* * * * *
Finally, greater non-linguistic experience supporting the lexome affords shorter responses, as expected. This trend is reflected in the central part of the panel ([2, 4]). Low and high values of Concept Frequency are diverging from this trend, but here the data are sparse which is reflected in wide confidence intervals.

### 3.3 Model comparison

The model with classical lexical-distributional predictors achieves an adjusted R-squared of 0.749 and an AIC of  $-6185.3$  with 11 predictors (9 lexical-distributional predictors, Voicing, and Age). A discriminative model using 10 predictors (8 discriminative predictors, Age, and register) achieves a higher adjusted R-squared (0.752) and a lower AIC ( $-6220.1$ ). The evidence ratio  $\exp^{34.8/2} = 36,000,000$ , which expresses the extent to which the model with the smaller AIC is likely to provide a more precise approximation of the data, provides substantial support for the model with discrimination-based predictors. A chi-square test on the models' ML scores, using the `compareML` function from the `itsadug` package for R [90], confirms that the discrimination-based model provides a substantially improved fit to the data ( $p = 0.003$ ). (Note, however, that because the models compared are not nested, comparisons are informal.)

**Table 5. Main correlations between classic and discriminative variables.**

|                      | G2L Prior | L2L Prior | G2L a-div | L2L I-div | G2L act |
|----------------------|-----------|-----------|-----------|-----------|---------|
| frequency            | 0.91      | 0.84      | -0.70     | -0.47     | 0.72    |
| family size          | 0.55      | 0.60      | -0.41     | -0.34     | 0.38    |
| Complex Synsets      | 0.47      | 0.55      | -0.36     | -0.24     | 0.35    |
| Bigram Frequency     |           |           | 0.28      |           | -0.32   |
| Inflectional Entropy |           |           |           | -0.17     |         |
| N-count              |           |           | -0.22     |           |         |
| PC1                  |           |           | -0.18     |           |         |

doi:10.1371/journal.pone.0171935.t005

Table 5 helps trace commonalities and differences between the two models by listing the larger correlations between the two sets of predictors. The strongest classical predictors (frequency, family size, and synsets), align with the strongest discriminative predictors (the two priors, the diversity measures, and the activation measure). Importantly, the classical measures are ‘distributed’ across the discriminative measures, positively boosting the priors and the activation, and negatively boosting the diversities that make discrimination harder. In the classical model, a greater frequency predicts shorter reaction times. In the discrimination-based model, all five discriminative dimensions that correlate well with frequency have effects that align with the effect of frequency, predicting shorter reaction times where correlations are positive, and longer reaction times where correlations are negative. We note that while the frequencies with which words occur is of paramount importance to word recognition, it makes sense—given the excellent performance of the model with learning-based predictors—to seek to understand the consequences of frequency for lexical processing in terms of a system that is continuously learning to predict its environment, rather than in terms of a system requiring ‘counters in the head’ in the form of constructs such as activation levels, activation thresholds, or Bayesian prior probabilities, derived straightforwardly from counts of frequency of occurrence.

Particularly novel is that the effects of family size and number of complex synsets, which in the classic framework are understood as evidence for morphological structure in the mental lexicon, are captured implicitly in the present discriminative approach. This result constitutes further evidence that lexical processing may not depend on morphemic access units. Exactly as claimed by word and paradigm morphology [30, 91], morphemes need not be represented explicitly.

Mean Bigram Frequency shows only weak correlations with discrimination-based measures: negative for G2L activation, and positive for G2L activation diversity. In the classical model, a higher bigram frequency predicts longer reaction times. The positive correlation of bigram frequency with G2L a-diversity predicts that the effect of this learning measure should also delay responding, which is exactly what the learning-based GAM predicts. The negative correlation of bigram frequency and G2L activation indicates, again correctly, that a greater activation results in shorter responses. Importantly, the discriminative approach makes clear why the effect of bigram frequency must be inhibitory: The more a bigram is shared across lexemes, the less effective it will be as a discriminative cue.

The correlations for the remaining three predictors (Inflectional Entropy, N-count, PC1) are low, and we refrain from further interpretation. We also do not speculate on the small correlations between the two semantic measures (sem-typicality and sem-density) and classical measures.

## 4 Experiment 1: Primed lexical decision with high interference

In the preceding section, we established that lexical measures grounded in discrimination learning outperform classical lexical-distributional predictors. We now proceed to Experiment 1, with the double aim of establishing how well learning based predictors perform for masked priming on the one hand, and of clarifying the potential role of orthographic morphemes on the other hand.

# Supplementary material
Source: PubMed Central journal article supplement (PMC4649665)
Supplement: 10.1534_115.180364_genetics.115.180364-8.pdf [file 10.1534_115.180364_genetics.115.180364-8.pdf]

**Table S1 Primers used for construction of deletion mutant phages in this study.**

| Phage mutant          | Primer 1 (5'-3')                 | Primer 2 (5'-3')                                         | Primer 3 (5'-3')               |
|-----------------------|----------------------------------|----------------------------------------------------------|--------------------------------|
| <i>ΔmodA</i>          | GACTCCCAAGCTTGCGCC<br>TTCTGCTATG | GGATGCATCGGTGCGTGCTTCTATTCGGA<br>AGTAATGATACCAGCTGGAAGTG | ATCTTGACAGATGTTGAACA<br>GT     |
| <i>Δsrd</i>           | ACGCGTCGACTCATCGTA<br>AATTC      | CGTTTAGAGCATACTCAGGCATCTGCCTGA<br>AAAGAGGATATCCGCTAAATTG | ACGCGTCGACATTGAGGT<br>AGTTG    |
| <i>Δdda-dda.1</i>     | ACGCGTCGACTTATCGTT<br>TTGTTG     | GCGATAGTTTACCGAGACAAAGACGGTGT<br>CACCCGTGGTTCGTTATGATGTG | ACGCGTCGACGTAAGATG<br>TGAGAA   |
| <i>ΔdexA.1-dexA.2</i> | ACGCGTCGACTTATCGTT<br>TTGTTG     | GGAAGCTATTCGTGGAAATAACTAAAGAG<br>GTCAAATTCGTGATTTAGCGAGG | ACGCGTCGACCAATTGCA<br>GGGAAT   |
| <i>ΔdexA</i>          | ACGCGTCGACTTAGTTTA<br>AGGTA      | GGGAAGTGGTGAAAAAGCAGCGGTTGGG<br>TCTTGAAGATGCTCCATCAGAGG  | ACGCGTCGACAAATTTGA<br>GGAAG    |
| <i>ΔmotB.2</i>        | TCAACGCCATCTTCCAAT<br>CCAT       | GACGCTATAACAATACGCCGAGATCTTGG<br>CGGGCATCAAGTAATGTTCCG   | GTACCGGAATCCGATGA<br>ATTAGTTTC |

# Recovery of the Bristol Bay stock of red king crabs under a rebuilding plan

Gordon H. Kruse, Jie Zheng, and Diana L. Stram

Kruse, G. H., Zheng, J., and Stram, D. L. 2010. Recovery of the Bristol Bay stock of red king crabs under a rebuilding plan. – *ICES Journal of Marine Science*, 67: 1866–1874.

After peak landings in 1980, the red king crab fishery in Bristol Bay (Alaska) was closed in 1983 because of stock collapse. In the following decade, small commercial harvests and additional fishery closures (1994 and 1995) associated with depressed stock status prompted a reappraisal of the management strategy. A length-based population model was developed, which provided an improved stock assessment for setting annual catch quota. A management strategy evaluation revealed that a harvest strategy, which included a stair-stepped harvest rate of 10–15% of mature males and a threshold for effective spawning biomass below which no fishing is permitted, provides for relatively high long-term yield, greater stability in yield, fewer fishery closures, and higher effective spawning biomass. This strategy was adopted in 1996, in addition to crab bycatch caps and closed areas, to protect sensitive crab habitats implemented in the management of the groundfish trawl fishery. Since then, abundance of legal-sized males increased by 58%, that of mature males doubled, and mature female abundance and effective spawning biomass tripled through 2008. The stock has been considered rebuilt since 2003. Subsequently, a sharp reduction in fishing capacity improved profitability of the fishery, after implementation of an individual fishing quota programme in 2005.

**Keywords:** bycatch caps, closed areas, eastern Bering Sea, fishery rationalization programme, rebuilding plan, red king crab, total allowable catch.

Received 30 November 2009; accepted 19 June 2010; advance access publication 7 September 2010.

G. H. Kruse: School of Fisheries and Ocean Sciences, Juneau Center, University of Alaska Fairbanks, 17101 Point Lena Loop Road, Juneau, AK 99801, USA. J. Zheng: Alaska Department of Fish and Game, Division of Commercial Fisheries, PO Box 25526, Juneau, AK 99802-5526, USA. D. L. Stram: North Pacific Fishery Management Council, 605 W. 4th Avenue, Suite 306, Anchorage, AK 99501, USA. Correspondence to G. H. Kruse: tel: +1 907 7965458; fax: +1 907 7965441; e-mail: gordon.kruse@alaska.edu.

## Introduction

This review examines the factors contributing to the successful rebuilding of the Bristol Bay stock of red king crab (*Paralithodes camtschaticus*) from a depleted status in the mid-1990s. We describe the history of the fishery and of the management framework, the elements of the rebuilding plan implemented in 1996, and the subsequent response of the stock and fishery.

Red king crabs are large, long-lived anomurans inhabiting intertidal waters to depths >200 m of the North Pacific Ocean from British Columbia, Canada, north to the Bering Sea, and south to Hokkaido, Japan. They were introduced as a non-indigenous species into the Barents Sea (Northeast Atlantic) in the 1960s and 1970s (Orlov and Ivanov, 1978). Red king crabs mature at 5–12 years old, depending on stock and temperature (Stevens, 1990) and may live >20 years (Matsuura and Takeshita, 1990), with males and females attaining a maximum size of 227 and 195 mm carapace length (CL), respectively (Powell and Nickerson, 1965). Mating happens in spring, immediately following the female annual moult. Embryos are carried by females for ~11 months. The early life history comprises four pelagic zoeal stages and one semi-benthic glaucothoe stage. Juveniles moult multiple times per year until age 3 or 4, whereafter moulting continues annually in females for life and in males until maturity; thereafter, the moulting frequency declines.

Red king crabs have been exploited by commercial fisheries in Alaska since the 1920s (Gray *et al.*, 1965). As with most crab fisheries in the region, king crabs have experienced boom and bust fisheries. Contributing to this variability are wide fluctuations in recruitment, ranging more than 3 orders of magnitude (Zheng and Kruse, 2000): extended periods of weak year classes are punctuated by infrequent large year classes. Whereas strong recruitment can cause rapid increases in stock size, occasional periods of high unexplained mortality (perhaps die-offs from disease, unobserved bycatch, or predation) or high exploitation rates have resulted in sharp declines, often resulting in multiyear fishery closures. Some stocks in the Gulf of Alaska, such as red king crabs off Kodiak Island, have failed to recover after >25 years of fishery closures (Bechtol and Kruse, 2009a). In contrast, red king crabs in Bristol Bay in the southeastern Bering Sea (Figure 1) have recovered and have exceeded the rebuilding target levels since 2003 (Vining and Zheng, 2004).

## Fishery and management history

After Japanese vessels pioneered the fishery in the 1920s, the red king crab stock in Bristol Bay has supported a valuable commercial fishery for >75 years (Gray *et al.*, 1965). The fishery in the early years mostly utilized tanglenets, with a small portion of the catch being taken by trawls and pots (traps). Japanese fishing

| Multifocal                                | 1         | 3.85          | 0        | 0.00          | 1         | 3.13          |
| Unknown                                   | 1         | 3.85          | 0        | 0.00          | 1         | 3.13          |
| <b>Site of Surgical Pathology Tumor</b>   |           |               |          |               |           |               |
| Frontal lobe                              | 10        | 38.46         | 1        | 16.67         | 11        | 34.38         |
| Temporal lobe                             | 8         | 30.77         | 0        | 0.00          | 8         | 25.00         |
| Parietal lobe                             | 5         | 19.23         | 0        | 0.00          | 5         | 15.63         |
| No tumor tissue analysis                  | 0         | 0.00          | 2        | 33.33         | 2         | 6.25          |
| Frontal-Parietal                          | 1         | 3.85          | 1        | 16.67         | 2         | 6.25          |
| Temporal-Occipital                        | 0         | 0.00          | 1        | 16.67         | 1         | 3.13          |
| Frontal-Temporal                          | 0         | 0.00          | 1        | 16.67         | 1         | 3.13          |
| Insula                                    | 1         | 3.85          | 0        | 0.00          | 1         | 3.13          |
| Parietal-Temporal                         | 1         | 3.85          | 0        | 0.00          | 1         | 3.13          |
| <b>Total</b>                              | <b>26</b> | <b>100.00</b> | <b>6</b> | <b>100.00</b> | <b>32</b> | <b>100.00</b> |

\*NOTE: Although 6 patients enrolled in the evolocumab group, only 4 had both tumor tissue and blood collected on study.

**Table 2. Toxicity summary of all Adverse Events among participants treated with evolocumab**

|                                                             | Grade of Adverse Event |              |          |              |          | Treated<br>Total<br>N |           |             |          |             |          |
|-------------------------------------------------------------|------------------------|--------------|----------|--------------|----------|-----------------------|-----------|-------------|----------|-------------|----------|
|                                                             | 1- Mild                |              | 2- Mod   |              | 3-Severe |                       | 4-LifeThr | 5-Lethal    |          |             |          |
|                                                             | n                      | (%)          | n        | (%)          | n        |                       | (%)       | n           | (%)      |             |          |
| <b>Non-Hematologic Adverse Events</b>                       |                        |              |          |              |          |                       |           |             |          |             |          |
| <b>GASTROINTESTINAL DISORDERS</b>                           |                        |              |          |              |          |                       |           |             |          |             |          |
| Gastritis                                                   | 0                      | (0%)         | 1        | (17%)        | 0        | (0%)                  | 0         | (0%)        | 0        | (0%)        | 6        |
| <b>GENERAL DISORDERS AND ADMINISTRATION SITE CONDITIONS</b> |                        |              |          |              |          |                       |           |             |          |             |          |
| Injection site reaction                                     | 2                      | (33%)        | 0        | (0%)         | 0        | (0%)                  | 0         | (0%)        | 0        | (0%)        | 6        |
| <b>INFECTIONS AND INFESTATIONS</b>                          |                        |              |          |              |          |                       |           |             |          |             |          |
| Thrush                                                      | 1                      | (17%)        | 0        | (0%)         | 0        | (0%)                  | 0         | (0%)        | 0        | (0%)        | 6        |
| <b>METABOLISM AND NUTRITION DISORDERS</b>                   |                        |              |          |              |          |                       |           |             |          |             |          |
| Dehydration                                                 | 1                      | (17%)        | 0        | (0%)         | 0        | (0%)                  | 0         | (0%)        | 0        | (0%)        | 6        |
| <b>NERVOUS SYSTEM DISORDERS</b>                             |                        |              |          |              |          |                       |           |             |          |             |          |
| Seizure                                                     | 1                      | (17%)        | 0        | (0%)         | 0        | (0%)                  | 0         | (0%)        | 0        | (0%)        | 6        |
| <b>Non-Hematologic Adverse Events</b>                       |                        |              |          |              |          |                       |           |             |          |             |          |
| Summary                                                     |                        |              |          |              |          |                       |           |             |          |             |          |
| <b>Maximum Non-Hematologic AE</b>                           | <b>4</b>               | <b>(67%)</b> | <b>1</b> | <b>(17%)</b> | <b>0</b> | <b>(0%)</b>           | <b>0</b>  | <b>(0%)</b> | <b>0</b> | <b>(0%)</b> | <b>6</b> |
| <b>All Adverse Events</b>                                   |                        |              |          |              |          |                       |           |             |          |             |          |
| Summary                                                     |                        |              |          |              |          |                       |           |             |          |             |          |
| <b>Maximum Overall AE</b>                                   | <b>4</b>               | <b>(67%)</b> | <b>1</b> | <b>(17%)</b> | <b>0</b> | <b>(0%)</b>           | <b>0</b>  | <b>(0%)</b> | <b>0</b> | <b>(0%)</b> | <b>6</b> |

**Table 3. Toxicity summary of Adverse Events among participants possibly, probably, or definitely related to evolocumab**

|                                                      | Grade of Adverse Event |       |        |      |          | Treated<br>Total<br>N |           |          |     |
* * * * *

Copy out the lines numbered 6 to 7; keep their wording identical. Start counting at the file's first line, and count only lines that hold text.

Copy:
|----------------------|-----------|-----------|-----------|-----------|---------|
| frequency            | 0.91      | 0.84      | -0.70     | -0.47     | 0.72    |